Background: Genome-wide association studies with single nucleotide polymorphisms (SNPs) show great promise to identify genetic determinants of complex human traits. In current analyses, genotype calling and imputation of missing genotypes are usually considered as two separated tasks. The genotypes of SNPs are first determined one at a time from allele signal intensities. Then the missing genotypes, i.e., no-calls caused by not perfectly separated signal clouds, are imputed based on the linkage disequilibrium (LD) between multiple SNPs. Although many statistical methods have been developed to improve either genotype calling or imputation of missing genotypes, treating the two steps independently can lead to loss of genetic information. Results: We propose a novel genotype calling framework. In this framework, we consider the signal intensities and underlying LD structure of SNPs simultaneously by estimating both cluster parameters and haplotype frequencies. As a result, our new method outperforms some existing algorithms in terms of both call rates and genotyping accuracy. Our studies also suggest that jointly analyzing multiple SNPs in LD provides more accurate estimation of haplotypes than haplotype reconstruction methods that only use called genotypes. Conclusion: Our study demonstrates that jointly analyzing signal intensities and LD structure of multiple SNPs is a better way to determine genotypes and estimate LD parameters.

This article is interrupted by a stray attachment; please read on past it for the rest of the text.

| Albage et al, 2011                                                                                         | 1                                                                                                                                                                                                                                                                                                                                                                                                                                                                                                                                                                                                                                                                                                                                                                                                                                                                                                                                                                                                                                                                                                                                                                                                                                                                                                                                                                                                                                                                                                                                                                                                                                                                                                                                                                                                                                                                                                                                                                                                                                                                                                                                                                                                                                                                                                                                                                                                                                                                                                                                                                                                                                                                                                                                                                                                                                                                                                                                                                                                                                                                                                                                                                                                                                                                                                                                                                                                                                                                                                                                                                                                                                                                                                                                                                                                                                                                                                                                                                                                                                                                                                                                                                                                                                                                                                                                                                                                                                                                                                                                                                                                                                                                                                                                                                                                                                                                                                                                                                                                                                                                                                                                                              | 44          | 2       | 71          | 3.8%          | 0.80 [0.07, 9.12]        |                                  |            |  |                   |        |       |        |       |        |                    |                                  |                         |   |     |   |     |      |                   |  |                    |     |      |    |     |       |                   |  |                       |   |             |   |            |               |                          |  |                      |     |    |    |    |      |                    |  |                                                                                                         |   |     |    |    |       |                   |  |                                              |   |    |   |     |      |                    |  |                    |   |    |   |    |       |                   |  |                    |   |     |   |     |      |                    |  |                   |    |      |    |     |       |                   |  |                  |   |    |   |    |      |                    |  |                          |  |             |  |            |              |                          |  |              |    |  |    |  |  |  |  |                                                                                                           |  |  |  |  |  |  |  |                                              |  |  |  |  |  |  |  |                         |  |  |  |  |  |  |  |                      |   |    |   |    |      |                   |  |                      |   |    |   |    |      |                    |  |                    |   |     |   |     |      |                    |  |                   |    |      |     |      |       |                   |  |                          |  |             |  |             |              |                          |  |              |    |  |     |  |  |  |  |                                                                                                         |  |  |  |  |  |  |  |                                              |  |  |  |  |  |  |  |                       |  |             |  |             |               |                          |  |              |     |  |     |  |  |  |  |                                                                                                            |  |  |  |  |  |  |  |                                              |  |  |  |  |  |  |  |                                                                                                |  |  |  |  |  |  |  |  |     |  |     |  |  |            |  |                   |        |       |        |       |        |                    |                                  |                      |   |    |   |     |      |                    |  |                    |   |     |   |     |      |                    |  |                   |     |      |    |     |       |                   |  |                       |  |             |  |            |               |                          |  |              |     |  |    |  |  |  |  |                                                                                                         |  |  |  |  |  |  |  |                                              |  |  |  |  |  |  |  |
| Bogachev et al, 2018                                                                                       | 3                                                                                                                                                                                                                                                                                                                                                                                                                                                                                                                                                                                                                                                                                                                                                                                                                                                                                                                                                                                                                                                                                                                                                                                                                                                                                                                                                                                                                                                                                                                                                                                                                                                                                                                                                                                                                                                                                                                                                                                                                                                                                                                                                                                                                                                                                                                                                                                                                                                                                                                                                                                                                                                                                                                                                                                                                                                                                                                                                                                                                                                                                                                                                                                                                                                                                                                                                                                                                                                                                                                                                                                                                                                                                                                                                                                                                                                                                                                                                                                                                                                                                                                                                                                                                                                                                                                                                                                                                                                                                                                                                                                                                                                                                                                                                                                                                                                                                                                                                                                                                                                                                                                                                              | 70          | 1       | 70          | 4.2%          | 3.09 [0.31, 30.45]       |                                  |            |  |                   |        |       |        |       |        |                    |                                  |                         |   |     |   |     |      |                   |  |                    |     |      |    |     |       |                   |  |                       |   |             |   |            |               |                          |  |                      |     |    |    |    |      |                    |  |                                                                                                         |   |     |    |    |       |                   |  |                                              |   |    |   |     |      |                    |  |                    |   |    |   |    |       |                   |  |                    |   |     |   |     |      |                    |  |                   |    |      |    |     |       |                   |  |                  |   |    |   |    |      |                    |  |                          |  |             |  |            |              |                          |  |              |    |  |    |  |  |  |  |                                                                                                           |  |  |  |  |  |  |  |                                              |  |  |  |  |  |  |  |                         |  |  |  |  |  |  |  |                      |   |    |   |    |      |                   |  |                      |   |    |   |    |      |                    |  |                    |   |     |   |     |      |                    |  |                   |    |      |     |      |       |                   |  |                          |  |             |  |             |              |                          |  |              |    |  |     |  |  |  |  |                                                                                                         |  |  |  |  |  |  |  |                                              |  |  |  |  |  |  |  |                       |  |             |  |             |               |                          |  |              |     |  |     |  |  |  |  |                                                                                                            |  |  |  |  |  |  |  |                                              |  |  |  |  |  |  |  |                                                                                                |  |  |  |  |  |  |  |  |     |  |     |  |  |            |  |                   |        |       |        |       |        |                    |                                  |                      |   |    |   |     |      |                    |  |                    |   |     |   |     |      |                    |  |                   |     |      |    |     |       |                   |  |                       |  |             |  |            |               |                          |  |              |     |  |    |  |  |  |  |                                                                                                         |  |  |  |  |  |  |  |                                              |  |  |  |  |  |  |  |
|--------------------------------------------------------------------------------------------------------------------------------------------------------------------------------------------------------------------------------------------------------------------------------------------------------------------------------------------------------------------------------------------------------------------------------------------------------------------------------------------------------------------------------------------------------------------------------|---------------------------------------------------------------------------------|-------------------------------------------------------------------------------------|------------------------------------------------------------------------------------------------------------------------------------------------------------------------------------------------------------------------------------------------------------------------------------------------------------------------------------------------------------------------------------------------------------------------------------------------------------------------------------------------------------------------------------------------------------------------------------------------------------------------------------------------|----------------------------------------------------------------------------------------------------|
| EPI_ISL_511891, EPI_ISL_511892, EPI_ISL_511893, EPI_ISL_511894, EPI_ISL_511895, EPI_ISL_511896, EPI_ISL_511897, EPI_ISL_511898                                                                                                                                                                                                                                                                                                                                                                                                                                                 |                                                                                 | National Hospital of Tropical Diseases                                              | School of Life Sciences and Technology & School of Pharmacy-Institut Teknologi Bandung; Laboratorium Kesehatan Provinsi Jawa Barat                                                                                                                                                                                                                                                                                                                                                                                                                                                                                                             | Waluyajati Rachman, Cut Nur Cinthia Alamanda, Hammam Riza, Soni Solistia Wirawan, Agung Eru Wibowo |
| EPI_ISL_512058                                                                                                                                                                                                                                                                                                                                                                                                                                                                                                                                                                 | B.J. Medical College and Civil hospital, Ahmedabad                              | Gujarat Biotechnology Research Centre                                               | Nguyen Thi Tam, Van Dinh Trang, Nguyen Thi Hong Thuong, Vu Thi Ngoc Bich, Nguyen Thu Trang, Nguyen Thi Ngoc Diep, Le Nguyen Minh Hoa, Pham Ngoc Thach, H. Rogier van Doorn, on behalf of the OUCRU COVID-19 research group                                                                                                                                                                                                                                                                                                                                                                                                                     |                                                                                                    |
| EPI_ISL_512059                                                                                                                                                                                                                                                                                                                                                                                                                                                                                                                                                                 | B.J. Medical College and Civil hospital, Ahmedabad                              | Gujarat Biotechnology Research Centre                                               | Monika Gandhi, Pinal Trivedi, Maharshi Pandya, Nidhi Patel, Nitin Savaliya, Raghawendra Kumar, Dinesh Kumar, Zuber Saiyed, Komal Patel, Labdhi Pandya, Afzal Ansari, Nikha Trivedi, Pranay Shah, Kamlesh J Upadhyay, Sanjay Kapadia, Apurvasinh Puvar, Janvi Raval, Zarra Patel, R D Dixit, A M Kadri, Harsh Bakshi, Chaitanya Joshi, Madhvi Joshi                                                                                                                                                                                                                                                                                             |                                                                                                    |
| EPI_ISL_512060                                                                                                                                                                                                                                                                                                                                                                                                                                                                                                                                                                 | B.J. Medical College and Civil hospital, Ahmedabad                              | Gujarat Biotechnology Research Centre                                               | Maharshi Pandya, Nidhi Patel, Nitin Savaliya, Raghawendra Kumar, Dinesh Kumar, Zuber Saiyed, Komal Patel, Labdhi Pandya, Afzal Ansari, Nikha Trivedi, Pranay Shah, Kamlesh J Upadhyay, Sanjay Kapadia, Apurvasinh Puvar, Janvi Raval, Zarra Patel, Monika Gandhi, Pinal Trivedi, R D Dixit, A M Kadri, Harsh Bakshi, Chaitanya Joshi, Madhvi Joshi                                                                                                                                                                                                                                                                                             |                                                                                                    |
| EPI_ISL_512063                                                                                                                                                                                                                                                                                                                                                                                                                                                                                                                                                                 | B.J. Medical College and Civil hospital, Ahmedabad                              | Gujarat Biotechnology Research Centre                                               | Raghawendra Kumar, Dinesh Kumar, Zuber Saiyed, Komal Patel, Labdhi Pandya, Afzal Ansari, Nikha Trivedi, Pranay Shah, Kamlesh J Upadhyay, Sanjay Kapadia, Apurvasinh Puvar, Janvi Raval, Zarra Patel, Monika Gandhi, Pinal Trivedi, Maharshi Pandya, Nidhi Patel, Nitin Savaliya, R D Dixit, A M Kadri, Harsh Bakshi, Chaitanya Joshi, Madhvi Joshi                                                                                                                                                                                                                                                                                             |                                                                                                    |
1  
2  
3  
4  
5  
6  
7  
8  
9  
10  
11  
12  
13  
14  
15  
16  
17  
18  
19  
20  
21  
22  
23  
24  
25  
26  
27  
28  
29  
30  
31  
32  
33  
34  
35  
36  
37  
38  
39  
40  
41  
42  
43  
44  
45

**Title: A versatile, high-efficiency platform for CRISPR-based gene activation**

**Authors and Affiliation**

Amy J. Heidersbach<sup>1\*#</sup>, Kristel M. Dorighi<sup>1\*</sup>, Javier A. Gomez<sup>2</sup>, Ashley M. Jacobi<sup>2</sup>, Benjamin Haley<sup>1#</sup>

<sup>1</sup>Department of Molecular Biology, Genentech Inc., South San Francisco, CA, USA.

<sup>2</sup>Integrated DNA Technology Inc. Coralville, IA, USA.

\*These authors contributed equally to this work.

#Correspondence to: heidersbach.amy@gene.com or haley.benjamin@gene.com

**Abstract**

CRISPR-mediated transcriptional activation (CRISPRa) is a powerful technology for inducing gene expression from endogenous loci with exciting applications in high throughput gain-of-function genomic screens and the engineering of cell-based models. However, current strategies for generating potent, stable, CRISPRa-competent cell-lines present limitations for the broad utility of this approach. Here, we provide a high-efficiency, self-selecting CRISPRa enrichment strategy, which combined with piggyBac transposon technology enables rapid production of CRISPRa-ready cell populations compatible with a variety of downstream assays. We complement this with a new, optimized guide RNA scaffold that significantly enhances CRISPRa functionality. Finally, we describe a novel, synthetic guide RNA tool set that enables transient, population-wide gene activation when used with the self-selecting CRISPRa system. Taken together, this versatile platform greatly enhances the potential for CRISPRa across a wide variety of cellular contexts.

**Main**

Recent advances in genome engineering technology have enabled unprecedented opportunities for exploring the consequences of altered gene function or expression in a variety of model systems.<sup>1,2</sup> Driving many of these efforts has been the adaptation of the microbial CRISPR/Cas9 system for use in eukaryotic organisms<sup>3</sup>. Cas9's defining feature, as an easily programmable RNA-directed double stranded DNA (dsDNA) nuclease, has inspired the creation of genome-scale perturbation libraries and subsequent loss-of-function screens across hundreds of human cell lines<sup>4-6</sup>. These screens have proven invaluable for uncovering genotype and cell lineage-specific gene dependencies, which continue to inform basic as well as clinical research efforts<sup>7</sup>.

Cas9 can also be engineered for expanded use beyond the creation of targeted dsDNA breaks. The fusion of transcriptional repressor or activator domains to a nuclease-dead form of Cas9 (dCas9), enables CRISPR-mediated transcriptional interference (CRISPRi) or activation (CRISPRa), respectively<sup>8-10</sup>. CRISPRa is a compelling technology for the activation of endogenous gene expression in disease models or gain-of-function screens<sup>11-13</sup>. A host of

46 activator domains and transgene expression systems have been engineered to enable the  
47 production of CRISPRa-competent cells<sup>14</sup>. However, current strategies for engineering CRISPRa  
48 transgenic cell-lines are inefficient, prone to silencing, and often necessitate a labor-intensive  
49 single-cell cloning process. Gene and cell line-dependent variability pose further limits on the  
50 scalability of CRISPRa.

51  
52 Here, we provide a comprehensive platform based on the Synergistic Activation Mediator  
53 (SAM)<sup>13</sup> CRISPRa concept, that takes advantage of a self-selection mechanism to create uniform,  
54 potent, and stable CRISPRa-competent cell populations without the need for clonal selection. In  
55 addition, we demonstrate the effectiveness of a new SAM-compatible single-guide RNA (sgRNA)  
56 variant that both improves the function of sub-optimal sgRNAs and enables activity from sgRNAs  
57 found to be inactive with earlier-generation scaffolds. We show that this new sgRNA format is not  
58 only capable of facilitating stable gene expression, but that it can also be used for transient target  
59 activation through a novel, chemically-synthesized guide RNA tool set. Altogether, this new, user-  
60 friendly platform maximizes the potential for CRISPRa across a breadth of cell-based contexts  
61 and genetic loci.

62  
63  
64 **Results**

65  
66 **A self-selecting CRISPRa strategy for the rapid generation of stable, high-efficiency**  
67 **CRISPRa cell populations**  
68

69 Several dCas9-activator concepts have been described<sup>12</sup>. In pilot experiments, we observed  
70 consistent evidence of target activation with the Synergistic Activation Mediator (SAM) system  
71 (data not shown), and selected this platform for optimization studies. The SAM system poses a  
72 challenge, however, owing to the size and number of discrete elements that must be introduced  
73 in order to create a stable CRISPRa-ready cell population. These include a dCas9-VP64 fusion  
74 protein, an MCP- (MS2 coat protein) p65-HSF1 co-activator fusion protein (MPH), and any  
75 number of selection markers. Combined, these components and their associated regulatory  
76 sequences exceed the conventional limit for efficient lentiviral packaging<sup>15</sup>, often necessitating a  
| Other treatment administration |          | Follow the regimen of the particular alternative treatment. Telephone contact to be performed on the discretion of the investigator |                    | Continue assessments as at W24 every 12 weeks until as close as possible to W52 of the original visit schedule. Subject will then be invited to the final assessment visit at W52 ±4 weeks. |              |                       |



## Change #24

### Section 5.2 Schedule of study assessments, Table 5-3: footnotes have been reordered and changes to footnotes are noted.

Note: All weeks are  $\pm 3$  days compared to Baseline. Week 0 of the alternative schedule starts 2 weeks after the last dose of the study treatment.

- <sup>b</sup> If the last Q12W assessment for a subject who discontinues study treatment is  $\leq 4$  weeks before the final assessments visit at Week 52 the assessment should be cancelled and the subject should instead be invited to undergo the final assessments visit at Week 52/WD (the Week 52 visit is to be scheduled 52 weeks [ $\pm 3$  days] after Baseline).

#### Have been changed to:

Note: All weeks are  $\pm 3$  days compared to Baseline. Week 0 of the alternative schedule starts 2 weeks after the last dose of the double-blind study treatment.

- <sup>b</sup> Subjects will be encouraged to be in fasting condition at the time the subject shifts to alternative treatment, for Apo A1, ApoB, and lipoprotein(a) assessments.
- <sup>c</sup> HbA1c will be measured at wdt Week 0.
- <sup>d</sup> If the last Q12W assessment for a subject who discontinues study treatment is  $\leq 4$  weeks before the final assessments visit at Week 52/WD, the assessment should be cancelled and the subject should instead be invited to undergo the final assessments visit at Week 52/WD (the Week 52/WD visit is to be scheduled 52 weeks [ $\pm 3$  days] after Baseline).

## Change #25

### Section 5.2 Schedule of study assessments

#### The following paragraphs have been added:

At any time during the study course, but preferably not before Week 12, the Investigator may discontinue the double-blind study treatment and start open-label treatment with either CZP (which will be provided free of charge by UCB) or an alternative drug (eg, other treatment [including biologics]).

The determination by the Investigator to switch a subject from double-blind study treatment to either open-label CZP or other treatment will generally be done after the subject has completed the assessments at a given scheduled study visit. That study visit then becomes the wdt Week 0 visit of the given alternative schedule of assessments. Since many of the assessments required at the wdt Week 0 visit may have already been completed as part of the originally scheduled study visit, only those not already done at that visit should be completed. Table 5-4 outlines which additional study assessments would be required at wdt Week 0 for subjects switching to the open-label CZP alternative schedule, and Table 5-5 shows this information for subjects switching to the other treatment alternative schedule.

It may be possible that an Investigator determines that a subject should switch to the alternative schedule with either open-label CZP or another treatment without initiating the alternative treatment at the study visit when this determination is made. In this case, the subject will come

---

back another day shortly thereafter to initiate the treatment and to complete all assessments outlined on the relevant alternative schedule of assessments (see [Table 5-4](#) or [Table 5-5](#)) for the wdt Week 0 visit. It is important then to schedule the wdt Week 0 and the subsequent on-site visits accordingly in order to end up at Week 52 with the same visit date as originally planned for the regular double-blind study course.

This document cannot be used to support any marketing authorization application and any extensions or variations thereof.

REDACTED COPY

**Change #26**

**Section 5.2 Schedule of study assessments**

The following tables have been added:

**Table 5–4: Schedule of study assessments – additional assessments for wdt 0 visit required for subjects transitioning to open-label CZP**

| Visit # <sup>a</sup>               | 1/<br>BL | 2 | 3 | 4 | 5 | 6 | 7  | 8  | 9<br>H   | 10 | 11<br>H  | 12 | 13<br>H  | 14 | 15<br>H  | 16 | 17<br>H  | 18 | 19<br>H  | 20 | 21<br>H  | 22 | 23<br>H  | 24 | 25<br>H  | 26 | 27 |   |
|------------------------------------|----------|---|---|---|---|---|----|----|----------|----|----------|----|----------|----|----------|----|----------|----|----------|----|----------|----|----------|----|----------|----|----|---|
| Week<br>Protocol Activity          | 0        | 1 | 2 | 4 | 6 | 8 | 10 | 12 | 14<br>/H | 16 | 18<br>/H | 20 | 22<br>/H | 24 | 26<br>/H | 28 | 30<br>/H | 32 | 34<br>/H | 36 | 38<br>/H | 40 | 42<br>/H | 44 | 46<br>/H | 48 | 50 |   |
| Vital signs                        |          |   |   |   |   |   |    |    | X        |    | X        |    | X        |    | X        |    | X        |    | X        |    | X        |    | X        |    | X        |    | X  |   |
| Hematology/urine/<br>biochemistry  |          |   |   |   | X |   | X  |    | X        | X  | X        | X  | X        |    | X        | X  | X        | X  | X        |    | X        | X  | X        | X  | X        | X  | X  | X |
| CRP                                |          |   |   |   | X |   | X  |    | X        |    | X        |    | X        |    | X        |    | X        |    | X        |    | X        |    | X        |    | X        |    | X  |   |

ASJC Scopus subject areas
- Structural Biology
- Molecular Biology
- Computer Science Applications
- Applied Mathematics